Thursday, 25 April 2013

Exte: Hair Extensions

Director: Sion Sono
Writers: Sion Sono, Masaki Adachi, Makoto Sanada
Producer: Makoto Okada
Cast: Chiaki Kuriyama, Ren Osugi, Tsugumi
Country: Japan
Year of release: 2007
Reviewed from: UK disc (Revolver)

Even by the standards of Japanese horror movies, Exte is a very weird film. This is a movie all about hair, not just tangentially but intrinsically. Hair isn’t the McGuffin, it’s not the setting, it’s everything. It’s the threat, it’s the driving force for nearly all the characters, it’s the focus of almost every scene.

I’m trying to think of other hair movies and there’s not many. Even Hair wasn’t really about hair, was it? There’s a 1960s Italian horror called The Long Hair of Death but I’ve never seen it and there’s the Craig Ferguson comedy The Big Tease but that’s about hairdressing rather than hair per se. There was some hair-related weirdness in Uzumaki but that was just part of the more general spiral-related weirdness. Hairdressing also features big in Exte but it’s secondary to hair itself.

And in some ways Exte makes Uzumaki look like searing social realism.

Chiaki Kuriyama (so memorable as the chain-wielding schoolgirl who goes one-on-one against Uma Thurman in Kill Bill Vol.1) stars as Yuko Mizushima, an apprentice hairstylist who shares a small flat with her friend, wannabe dancer Yuki Morita (Megumi Sato, who was in a Japanese remake of Korean sci-fi comedy I’m a Cyborg But That’s Okay). Yuko works at a successful hair salon, mostly sweeping up and finishing off stuff while she learns the tricks of her trade. Hairstyling is all she has ever wanted to do.

What she never planned to do was raise a kid but she finds herself in charge of eight-year-old Mami (Miku Sato - a terrific performance), daughter of Yuko’s nogoodnik sister Kiyomi (Tsugumi). There’s a nice relationship story between the two, offset by the thoroughly horrible Kiyomi who treats her daughter like a dog and will, there is no doubt, come to a horrible end.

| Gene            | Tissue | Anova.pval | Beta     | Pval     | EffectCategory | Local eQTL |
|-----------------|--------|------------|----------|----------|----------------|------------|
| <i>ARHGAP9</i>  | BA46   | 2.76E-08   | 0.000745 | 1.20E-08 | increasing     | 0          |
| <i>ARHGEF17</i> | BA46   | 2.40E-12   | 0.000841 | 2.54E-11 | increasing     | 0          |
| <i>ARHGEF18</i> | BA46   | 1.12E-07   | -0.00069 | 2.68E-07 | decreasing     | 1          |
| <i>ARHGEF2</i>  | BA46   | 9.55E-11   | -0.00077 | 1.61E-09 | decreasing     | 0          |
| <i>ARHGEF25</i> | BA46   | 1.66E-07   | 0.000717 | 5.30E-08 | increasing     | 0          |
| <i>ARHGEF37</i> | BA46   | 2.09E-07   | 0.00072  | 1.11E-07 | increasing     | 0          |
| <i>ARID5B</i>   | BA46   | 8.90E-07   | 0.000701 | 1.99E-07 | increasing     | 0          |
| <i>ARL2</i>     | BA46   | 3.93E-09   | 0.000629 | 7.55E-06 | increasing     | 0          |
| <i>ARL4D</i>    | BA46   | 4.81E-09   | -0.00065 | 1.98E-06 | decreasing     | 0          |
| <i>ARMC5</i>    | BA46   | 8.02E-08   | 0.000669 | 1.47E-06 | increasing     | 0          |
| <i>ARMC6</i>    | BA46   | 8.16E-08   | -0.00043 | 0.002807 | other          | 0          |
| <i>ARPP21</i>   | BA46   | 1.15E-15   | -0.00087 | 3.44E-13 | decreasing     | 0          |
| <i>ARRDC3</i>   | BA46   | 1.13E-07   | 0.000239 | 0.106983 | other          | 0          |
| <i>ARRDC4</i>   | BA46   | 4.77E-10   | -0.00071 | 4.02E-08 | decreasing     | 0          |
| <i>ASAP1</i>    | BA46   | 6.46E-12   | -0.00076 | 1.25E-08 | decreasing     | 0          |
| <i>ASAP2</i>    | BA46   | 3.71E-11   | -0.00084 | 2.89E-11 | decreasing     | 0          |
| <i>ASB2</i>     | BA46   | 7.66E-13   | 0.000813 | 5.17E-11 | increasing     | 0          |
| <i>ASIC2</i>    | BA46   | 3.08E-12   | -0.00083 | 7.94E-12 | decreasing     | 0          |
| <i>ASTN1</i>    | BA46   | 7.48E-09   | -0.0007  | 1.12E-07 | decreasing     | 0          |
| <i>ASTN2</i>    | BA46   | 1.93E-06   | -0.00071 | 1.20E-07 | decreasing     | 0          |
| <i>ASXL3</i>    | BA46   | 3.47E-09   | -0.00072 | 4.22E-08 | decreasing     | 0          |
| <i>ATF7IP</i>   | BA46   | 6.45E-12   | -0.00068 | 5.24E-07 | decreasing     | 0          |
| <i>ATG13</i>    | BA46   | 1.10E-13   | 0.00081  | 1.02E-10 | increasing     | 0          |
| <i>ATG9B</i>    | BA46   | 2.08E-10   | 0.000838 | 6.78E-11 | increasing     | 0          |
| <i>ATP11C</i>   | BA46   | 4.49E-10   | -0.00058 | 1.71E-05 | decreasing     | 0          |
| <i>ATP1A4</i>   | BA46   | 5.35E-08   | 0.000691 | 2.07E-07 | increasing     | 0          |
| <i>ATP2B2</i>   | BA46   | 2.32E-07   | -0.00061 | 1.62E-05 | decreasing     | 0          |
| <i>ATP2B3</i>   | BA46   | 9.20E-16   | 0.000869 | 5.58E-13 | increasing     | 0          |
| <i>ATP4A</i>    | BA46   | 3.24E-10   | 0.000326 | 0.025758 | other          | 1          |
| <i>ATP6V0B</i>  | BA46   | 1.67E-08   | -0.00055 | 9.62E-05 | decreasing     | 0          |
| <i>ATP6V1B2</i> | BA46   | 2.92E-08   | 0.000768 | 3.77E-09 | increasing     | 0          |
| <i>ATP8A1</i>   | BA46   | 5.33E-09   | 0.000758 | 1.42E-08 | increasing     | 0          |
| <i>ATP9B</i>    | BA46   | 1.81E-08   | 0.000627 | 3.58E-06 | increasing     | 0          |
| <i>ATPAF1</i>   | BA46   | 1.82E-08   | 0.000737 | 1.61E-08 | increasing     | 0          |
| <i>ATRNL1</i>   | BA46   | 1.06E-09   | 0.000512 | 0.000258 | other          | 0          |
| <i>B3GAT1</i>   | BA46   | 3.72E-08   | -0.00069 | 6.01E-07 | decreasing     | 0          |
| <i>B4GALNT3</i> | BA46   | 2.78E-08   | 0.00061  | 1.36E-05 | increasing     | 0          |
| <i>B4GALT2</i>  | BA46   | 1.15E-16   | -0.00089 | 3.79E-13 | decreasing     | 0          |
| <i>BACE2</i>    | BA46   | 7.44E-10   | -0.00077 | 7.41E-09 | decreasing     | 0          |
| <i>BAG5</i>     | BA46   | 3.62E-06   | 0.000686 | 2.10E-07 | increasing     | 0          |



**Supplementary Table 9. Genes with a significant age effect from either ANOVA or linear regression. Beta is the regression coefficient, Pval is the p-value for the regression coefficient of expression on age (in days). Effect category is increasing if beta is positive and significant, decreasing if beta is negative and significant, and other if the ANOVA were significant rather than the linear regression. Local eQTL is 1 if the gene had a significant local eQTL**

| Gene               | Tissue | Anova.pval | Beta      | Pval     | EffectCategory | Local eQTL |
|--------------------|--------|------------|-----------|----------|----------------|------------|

However before any of this we have a prologue in which customs officers open a cargo container loaded with human hair, intended for hair extensions (which presumably are all the vogue in Tokyo). Quite apart from the unpleasant site of a solid wall of smelly hair, there’s a body in the container. Missing an eye and several internal organs, this is taken to the morgue where we meet Gunji Yamazaki - played to unsettling perfection by the great Ron Osugi.

Osugi may be the busiest man in whatever the Japanese version of Equity or SAG is. The Inaccurate Movie Database currently lists 179 films for him, as I type this, but a couple of years ago when I was doing filmographies for Artsmagic releases I researched a more detailed and accurate Ren Osugi filmography and I think even then it was getting on for 200 credits which is even more impressive given that he only started acting in the late 1970s! Among the better known titles are Brother, Hana-Bi and seven other Takeshi Kitano films; Audition, Sabu, Full Metal Gokudo and a dozen other Takashi Miike movies; plus Seance, Cure, Dangan Runner, Hypnosis, Parasite Eve, Weather Woman and the previously mentioned Uzumaki.

Yamazaki’s day job as a morgue assistant allows him to steal hair from corpses which he takes back to his creepy bachelor shack. The girl from the container, though shaven bald, is capable of sprouting hair from her mouth and wounds at a prodigious speed and Yamazaki takes the body home, leading to an investigation by a couple of detectives.

An unsettling child-man, Yamazaki likes to dress, when off-duty, in a stars-and-stripes shirt, dungarees and a long wig. In this get-up he wanders the streets, secretly videoing women’s hair. The man is a hair fetishist (proper, long, straight head hair - not the short, curly sort) who is clearly neither capable nor desirous of forming any real relationships with women. Just occasionally he lets slip an unguarded comment about “dirty women with filthy hair” that reveals the angry misogyny beneath the disturbingly eccentric surface.